JAN SIVERTSON: It's really interesting. Isle Royale he was specifically sort of agitated by, because the promise that was made to him when the park-- I guess would have been his parents and grandparents, when the park took over, is that it would be returned to wilderness and that that never happened.
And the whole idea of public policy is made by the public, and so it changes over time. But as far as the North Shore goes and then Grand Marais specifically, he could not get over-- and even last summer, we spent a lot of time traveling on the North Shore going to appointments and things.
He couldn't get over how things had changed to the positive. Just he would comment on things like, hey, people-- a lot of people have painted their houses since I lived down here. So he was really moved by the aesthetic improvements that had been made on the North Shore and specifically Grand Marais. I know a lot of people complain about change, but Howard was moved by things getting spruced up, and change, and new people, and activity. So he loved the positive changes that were happening.
CATHY WURZER: What was it like to work with your dad when you started the gallery with him?
JAN SIVERTSON: It was really fun but I learned early on that his passion was painting. And so he opted out of the business part right away in 1982, and that's when I took over the business aspect of running the gallery. And that led to a very happy relationship because he wasn't doing things that he disliked. And I was actually learning about business, which was really fascinating and fun for me-- to learn the art of business. So we became really good partners and advocates for each other in that venture.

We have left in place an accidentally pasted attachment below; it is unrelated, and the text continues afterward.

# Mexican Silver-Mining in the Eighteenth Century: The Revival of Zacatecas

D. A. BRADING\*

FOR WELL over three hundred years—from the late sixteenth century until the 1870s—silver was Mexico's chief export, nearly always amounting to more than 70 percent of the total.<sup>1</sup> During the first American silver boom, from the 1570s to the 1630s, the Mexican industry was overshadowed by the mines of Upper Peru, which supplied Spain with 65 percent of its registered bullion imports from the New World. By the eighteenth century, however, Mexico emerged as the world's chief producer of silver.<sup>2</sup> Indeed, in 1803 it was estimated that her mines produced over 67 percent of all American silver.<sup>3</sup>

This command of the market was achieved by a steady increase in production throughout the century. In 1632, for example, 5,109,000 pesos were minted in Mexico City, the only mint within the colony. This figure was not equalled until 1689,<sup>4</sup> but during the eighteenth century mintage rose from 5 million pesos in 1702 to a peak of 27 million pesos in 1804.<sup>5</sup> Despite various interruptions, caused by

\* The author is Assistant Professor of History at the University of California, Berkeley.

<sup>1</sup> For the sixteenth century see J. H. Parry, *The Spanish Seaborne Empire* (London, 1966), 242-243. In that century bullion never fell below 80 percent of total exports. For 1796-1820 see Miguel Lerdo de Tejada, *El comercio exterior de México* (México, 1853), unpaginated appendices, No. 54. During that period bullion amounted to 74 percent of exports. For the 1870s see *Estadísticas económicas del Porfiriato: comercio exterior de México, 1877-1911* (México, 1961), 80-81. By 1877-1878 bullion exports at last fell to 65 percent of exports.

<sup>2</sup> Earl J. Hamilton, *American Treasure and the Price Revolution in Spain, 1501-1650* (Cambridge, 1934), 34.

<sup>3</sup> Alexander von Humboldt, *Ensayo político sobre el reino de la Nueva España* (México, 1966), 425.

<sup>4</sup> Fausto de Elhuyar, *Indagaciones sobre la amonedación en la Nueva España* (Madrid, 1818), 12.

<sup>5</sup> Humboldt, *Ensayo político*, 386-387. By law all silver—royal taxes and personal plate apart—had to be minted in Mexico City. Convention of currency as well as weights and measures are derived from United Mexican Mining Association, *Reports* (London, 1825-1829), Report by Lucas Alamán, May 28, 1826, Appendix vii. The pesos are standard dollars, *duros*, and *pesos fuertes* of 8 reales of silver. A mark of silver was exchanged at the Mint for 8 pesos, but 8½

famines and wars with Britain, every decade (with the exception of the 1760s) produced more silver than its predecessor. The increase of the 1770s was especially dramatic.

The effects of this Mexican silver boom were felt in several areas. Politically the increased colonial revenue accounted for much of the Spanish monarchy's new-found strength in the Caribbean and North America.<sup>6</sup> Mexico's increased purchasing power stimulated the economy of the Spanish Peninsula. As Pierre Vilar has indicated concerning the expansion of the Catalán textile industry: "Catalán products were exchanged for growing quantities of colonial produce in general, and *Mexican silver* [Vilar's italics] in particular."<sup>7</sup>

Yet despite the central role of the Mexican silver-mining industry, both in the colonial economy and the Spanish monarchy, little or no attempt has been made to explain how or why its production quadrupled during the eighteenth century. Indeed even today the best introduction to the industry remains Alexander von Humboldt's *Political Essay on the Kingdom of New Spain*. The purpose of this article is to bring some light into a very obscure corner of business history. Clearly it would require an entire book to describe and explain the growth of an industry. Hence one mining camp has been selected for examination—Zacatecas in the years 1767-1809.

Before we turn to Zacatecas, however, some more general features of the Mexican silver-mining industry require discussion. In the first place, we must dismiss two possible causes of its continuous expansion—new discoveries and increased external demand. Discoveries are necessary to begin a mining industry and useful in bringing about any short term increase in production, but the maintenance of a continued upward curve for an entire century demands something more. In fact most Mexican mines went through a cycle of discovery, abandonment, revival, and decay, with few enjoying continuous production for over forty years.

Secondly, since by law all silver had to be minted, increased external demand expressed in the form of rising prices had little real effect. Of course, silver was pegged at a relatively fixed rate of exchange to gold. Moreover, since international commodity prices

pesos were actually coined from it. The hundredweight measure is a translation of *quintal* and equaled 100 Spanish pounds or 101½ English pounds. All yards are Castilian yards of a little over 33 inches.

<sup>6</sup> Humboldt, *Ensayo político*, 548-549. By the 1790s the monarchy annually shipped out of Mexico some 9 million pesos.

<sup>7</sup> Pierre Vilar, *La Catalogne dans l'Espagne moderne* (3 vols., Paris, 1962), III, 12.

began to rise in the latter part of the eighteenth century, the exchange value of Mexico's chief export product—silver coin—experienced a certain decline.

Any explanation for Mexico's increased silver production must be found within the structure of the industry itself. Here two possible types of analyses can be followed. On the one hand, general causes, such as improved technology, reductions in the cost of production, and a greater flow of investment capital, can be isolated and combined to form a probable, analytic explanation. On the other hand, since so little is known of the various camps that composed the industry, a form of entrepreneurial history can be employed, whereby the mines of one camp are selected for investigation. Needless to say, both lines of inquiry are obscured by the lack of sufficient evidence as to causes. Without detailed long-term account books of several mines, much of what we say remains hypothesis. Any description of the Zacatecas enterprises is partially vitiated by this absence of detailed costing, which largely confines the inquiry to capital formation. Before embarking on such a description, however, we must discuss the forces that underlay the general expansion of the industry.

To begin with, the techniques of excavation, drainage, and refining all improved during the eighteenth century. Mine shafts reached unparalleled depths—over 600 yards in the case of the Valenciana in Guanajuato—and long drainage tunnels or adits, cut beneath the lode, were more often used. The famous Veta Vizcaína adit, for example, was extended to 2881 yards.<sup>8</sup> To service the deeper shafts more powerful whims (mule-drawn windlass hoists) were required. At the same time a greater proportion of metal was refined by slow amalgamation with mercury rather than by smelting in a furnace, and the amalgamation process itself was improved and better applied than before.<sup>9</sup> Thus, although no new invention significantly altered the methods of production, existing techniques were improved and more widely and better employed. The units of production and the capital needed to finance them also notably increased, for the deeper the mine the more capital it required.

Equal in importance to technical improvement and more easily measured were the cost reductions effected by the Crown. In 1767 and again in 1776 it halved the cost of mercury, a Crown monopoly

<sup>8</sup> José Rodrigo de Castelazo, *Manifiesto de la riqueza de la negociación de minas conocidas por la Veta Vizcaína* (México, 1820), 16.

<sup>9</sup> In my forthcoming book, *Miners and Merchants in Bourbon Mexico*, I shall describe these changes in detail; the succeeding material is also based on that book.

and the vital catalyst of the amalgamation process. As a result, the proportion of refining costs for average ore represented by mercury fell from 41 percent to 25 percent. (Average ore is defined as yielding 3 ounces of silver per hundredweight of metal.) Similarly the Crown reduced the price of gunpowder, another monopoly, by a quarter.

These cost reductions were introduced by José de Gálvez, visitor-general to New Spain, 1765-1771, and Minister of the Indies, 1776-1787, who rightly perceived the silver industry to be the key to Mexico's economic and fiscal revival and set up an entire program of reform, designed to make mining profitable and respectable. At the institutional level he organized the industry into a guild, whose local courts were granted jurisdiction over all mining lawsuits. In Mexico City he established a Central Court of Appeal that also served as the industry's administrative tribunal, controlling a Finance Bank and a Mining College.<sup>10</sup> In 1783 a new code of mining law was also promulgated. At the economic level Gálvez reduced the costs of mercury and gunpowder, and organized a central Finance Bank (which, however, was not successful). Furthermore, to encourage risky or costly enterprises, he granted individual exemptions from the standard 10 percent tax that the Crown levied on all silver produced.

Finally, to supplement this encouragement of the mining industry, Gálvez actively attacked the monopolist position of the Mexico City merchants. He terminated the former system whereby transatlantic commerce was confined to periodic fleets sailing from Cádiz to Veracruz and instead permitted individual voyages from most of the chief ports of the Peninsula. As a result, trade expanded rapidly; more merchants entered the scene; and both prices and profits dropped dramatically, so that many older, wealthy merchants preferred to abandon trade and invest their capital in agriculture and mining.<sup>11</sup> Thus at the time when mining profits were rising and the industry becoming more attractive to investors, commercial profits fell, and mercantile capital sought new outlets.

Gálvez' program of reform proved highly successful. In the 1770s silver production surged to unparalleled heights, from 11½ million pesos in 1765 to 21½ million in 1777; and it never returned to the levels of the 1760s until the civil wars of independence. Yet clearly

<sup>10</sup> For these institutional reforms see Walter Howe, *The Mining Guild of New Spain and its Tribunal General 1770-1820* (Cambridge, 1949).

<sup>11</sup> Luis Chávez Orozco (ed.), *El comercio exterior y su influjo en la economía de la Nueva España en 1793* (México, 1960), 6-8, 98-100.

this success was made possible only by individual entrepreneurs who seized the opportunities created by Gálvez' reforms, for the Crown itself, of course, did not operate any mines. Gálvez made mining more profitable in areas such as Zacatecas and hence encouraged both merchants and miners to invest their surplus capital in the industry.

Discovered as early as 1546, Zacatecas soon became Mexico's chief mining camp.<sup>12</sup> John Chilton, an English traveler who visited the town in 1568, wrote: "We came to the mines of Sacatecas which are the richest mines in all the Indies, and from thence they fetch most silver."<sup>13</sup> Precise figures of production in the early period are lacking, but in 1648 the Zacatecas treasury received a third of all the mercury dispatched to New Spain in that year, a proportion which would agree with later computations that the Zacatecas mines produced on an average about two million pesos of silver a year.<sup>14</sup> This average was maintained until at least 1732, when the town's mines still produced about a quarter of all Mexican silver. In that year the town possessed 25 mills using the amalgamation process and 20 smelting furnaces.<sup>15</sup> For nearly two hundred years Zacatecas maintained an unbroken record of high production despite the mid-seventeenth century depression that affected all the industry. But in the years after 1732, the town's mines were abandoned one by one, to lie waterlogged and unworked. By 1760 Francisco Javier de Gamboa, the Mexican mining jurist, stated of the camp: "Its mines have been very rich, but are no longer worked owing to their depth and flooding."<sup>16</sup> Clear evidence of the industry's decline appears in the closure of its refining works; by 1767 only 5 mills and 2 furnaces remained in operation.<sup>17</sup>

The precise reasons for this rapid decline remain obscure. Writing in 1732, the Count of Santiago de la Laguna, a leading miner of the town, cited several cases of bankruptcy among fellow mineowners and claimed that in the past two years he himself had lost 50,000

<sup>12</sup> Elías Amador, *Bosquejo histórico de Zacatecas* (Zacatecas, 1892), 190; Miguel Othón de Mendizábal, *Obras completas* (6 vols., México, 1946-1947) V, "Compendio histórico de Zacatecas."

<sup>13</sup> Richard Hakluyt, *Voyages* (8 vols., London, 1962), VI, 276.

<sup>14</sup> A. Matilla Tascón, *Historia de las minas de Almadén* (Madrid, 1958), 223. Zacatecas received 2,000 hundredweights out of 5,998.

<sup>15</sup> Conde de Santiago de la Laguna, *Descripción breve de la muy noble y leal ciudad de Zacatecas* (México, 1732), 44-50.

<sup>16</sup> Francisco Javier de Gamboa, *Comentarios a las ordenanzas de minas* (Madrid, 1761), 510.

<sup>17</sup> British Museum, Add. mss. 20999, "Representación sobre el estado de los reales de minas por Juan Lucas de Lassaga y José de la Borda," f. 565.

CATHY WURZER: I love going into the gallery. So this is a tough question to ask you. Is there a piece by your dad that means the most to you?
JAN SIVERTSON: Yes. And the piece is Going Home From the Dance. And on many levels-- the story is just very touching to me. I was born and lived in it, and so were my siblings and other family, friends. We were the kids tucked into the bow of The Picnic, our family boat, heading to Windigo Lodge for the dance, the 4th of July dance. And the painting itself is just so well done from an artistic standpoint. It captures that beautiful cerulean blue of twilight, and the stars are sparkling, and he captures on the shoreline just a couple little red dots of fires flickering on the way to Windigo.
Or it might have been on the way back from Windigo. But either way, it was-- and of course, he's at the helm of the boat with his red suspenders. So it kind of speaks to that highlight of the summer, that one day that the fishermen used to take off work was the 4th of July. And that kind of camaraderie and day of celebration. So that painting kind of sums it all up.
CATHY WURZER: Oh, and those red suspenders. I'm glad you brought that up. And that big smile of his too. Oh, my goodness. Jan, thank you for taking the time to remember your dad. We appreciate you. And of course, we loved his work and he was just, as I say, quite a spirit. Thank you so much.
JAN SIVERTSON: Yes. Thank you, Cathy.
CATHY WURZER: Jan Sivertson is-- her dad is Howard, of course. He was an influential artist and storyteller from Isle Royale, the North Shore. His loved ones are hosting a celebration of his life in Grand Marais tomorrow in the Sivertson Gallery, showing a collection of his prints until June 18.